5. The first two defendants in this suit were Kali Das Sen and Bhola Nath Sen, and the third defendant was the sister of the then plaintiff, Katyayani Dasee, the widow of the first adopted son, Jogendra Nath. This suit is referred to in the present proceedings as Title Suit No. 127 of 1901, and it appears to have been re-numbered as No. 10 of 1902. In the plaint, the suit was described as one for construction of the will of Rajballav Seal, for possession of his estate, for partition and accounts, and it was valued at Rs. 10,500. The case for the plaintiff was that, as the second adopted son of Rajballav, he was entitled under the terms of his testamentary disposition to a three-fourths share of the estate left by him, and the first two defendants, the grandsons by the daughter, were entitled to the remaining one-fourth share of the estate. The plaintiff alleged that upon the death of Mati Dasee on the 27th September, 1899, the first two defendants took forcible possession of the entire estate, and that consequently he was entitled to have the will construed and to be placed in possession of his share of the estate. The first two defendants resisted the claim on the ground that the plaintiff had no title at all, that his adoption at a time when the widow of the first adopted son was still alive, was clearly void and ineffectual, and that consequently he was not entitled to obtain possession of any portion of the estate of Rajballav Seal. The third defendant, Katyayani Dasee, the sister of the plaintiff, who, as appears from the evidence in the present litigation, at that time as now acted under the advice and guidance of her father, who himself was the next friend of his infant son, the plaintiff, filed a written statement in which she denied that the plaintiff had any interest in the estate of the testator, except possibly that attributable to a right of maintenance. She asserted that, as the widow of the first adopted son, Jogendra Nath, she was entitled to an undivided three-fourths share of the estate of Rajballav, which had vested in her husband, but had been wrongfully seized by the first two defendants. She prayed accordingly that an account might be taken of the estate as it existed at the time of the death of Mati Dasee, that the will of Rajballav might be construed, that the rights of all the parties might be ascertained and declared, and that a partition of the estate might be effected and possession given of the different shares to the parties found entitled thereto. She added in conclusion, that, if the Court determined that she was not entitled to a definite share of the estate, her right to maintenance might be declared and made a charge thereon. The position, therefore, was that the plaintiff Amulya Charan and the third defendant Katyayani Dasee were agreed that the first two defendants, the grandsons of Bajballav, were not entitled to more than a fourth share of the estate; although nominally arrayed one against the other, they were in fact united against their common enemy, the Sens, and their joint prayer in substance was that the three-fourths share, which had been seized by the Sens, might be taken out of their hands and given over either to the plaintiff or to the third defendant. In fact, any other position was. impossible, because the plaintiff and the third defendant were entirely in the hands of their father, Kanai Lal Sen; the object of the suit was not so much to settle any real controversy between the brother and the sister, who had, by reason respectively of his adoption and her marriage, become brother-in-law and sister-in-law, as to recover the three-fourths share of the estate from the hands of the Sens. That this, was indubitably the true position, is clear from the admission made by Kanai Lal and Katyayani Dasee in the present litigation, that the arrangement between Amulya and Katyayani Dasee was that, whoever might be held by the Court to be entitled to the three-fourths share of the estate, upon recovery thereof, it would be equally divided between the brother and the sister. In truth the fight was between Kanai Lal Sen on the one hand, and Kali Das Sen and Bhola Nath Sen on the other. His object obviously was to recover the three-fourths share of the estate from the hands of these latter persons, and to have it equally divided between his own son and daughter. The Sens resisted the claim of the plaintiff, as we have already stated, on the ground that his adoption was invalid, because it had been made at a time when the widow of the first adopted son was alive.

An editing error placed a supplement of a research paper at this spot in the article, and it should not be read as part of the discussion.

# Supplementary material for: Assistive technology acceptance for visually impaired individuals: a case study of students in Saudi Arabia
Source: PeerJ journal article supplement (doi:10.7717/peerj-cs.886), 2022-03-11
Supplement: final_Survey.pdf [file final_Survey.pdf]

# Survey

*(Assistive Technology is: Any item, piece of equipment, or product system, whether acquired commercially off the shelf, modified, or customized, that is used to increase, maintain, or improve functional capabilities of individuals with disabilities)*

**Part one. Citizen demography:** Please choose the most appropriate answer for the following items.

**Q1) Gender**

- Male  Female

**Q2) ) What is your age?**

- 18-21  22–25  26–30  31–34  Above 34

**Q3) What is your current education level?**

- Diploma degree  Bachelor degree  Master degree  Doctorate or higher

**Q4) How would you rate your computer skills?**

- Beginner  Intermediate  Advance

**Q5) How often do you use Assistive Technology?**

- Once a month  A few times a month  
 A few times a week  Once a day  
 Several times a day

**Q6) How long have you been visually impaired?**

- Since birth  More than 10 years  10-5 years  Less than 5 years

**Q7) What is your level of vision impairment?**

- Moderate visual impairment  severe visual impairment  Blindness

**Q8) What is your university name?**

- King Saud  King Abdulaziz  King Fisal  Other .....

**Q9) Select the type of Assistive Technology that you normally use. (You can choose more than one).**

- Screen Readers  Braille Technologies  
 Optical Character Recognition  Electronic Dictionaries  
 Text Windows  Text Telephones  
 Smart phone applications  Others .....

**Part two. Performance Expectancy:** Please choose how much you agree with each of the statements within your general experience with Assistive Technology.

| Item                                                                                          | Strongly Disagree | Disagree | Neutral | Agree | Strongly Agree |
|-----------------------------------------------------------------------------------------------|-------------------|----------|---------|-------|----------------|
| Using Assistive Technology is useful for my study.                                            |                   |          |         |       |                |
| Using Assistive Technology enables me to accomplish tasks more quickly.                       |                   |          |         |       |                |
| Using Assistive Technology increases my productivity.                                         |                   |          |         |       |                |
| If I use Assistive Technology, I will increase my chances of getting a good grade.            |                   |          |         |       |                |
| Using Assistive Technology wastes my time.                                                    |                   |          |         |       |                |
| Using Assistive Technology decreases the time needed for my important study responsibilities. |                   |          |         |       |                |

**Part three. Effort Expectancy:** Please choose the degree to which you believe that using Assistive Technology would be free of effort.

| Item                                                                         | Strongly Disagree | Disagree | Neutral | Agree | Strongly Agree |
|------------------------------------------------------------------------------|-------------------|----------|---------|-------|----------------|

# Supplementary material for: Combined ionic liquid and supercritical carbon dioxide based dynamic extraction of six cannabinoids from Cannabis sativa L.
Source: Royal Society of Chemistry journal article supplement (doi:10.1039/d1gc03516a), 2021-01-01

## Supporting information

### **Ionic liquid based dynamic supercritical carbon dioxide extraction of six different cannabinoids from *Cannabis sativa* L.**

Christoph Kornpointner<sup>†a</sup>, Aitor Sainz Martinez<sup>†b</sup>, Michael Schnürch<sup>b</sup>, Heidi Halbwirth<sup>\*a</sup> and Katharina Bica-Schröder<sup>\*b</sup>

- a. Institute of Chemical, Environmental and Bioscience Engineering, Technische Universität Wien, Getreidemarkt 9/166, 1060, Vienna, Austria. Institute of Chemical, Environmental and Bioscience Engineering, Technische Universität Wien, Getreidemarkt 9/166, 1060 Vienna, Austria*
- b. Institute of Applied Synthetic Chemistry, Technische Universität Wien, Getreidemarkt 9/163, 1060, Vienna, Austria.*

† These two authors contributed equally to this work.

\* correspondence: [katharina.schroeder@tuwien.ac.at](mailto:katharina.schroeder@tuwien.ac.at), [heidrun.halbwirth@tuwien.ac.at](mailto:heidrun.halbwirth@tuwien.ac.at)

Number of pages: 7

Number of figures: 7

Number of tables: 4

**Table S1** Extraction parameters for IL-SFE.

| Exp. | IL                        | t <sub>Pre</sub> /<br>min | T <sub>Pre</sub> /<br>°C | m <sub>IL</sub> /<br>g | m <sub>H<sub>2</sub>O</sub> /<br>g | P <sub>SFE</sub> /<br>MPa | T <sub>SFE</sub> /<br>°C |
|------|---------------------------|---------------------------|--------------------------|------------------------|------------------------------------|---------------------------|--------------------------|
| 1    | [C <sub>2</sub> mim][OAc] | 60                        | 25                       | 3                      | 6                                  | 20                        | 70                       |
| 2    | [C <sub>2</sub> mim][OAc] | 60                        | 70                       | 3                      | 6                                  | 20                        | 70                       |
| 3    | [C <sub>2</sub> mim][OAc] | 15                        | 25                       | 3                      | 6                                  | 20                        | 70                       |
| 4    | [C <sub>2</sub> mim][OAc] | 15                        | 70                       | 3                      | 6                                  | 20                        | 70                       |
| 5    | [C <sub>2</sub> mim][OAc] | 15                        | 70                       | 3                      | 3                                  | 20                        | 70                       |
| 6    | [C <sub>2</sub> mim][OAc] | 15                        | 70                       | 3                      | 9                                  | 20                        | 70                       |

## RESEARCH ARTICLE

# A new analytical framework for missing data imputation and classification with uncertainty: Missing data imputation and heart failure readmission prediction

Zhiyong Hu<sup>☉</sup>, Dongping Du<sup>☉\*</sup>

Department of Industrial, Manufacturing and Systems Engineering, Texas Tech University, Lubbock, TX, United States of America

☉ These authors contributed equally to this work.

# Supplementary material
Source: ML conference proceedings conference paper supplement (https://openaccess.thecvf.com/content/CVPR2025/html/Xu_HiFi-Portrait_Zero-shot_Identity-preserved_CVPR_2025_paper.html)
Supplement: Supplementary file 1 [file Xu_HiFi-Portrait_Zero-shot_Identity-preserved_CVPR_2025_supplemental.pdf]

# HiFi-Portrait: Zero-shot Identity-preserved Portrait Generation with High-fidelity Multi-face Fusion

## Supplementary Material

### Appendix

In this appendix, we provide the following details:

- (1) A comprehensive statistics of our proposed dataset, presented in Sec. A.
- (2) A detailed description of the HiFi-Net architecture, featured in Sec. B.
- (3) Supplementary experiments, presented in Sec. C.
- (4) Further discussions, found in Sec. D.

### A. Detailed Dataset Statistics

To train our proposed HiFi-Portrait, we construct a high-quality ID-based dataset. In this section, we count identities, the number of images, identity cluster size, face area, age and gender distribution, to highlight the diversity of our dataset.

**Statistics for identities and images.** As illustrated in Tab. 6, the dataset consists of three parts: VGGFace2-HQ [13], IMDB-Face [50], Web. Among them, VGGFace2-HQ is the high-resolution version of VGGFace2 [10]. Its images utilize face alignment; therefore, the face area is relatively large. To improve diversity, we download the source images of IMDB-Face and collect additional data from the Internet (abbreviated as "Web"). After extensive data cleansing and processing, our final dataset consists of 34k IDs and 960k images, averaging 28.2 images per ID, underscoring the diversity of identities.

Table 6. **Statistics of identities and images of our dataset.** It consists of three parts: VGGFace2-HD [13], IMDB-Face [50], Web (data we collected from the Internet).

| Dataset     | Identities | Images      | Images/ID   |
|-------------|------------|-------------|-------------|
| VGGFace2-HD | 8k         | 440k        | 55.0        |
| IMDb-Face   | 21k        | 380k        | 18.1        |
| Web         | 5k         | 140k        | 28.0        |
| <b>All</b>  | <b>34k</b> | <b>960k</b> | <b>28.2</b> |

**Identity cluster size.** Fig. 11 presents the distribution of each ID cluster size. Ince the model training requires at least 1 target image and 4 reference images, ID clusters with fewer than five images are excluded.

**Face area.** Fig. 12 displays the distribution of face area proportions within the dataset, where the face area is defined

6. A preliminary issue was consequently raised, namely, whether the plaintiff was validly adopted in view of the fact that the first adopted son had left a widow and a daughter. On the 5th January, 1903, the Subordinate Judge held that, upon the death of the first adopted son, leaving a widow and a daughter, her authority to take a second son in adoption came to an end, and that, consequently, the adoption of the plaintiff, Amulya, was wholly inoperative, and he was in no way interested in the estate or entitled to maintain a suit in respect thereof. In this view, the Subordinate Judge dismissed the suit. On the 9th February, 1903, Amulya Charan appealed to this Court against the decree of dismissal, and the respondents to the appeal were the three defendants, namely, the two Sens and Katyayani Dasee. On the 28th March, 1905, the appeal was dismissed by this Court: Amulya Charan Seal v. Kali Das Sen (1905) I.L.R. 32 Cale. 861. The learned Judges who heard the appeal held that the adoption of the plaintiff was not valid, because the authority conferred upon Mati Dasee by her husband, to adopt a second son terminated when the first adopted son died leaving a widow and a daughter. The learned Judges, however, went on to examine another argument advanced on behalf of the B appellant, namely, that upon a true construction of the will of Rajballav, his estate slid not vest in Jogendra Nath before his I death, that the widow of the latter, Katyayani, did not inherit any property from her husband, and that such share of the property remained in Mati Dasee, with the result that she was competent to exercise the power vested in he as regards the adoption of a second son upon the death of the first adopted son before attaining the age of 20 years, The Court over-ruled this contention in the view that, as the scheme of the will was that the estate, should not vest in any person until the death of Mati Dasee, there was an intestacy as to the corpus, so that the estate vested by law in the legal heir, Jogendra, and subsequently passed by-succession to his widow, Katyayani Dasee. It will be observed that this view was not only sufficient to defeat the claim of the plaintiff Amulya, but also negatived the claim of the Sens, who, upon the common case of the plaintiff Amulya and Katyayani Dasee, were entitled to an one-fourth share of the estate. In other words, upon this view, Katyayani Dasee would be entitled, not to a three-fourths share as claimed by her, but to the whole of the estate. To put the matter in another way, this view not merely led to the dismissal of the suit of Amulya, but rendered inevitable a controversy between Kali Das and Bhola Nath on the one Land, and Katyayani on the other. The result of the decision, as we shall see hereafter, did affect the conduct of the parties in a subsequent litigation. For the present, we need mention only that the Court affirmed the decree of the Subordinate Judge and dismissed the appeal. Amulya died shortly after in April, 1905.